“Everyone kind of came together and said, ‘We’re gonna do a documentary,’” Williams said. “‘We’re gonna chronicle all this. We’re gonna figure out how to use Zoom.’ We didn’t know what Zoom was. So then we began to script and plan out the documentary. …  We had a lot of material. I was very overwhelmed at first. I didn’t know how to use the clips and combine them into a film. I didn’t have any experience with filmmaking prior to this point. Really, I had no experience. And so I think one of the beautiful things about the pandemic is that it allowed me to have more downtime. … So I was able to kind of sit and explore different skills and things that I hadn’t done before.” 

Another large aspect of this film was showcasing the Black community on campus before the pandemic. This was done by featuring videos inside the Afrikan Heritage House at events such as Soul Sessions or A-House dinners, where Black students and faculty came together. The film expanded on the loss students felt by being away from the Black community at Oberlin and, in turn, how important it is to them. 

“I remember feeling very disconnected from my community and support system,” Lewis wrote. “Oberlin’s Black community is so supportive and affirmative that back home, I really felt the loss of this community. At Oberlin, I was able to explore my identity [in a] way I was never able to. At home, I was always just ‘the Black girl,’ but in A-House and in ABUSUA, I was able to explore other aspects of my identity. … I was able to come out as queer and explore other aspects of my intersectional identity and experience. Going back home kinda felt like losing some of my identity. I wasn’t out yet to my family, so I went back in the closet and was just the Black girl from a little town in Pennsylvania.”

The Afrikan Heritage House will use the film as an archival piece alongside other works by alumni detailing the Black student perspective at Oberlin. These materials will be open to any student and will act as a way to preserve Black students’ institutional memory.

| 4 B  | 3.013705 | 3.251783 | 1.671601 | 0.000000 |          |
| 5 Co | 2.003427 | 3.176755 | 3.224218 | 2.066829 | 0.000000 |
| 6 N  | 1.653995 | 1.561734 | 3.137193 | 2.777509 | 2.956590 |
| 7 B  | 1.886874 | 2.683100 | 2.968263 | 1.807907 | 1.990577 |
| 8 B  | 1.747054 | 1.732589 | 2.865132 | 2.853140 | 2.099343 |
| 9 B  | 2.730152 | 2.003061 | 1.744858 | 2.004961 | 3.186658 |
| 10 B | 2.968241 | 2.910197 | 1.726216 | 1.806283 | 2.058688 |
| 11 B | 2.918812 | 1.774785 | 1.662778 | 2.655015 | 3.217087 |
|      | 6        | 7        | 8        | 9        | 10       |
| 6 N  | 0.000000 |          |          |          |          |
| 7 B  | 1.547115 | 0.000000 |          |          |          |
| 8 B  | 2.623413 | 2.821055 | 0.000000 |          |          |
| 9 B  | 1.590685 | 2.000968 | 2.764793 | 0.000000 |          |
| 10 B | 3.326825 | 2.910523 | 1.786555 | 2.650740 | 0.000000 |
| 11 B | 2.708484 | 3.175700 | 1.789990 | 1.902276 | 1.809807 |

“I think as a Black community, we have to be asking a lot more questions and reflecting,  always asking the question of, ‘How can we continue to reflect on what has happened in the past?’ and using that to inform our present and figure out ways that we can improve our future,” Williams said. “It’s also asking, ‘What is this institutional memory that we didn’t get access to? What do students need at this moment?’ Because what students needed when I was here as a student may be very different from what students need now. But I think there’s things that can and should carry over in terms of how we think about community, how we engage with the idea of community.”

Current students participated in a Q&A with Williams and others involved in the film after the showing. Students were encouraged to ask questions about the film and share their thoughts about how the Black community has changed because of the pandemic. 

“I won’t ever be able to answer this question in a way that fully satisfies me, but here’s what I’ve got for you today,” Djungu-Sungu said. “Oberlin has changed both for the better and the worse. There have been many innovations that foster creativity and embrace individuality, but a lot of things have uprooted the campus’ legacy of stewardship to students for legal reasons, political reasons, and that is because a lot of things were kept from the new student body. If that was purposeful, I’d frankly have to say I’m not surprised now. … I think transparency as a term and concept gets thrown around in important conversations at Oberlin, and this has affected how I view the institution as a trailblazer and hub for political good.”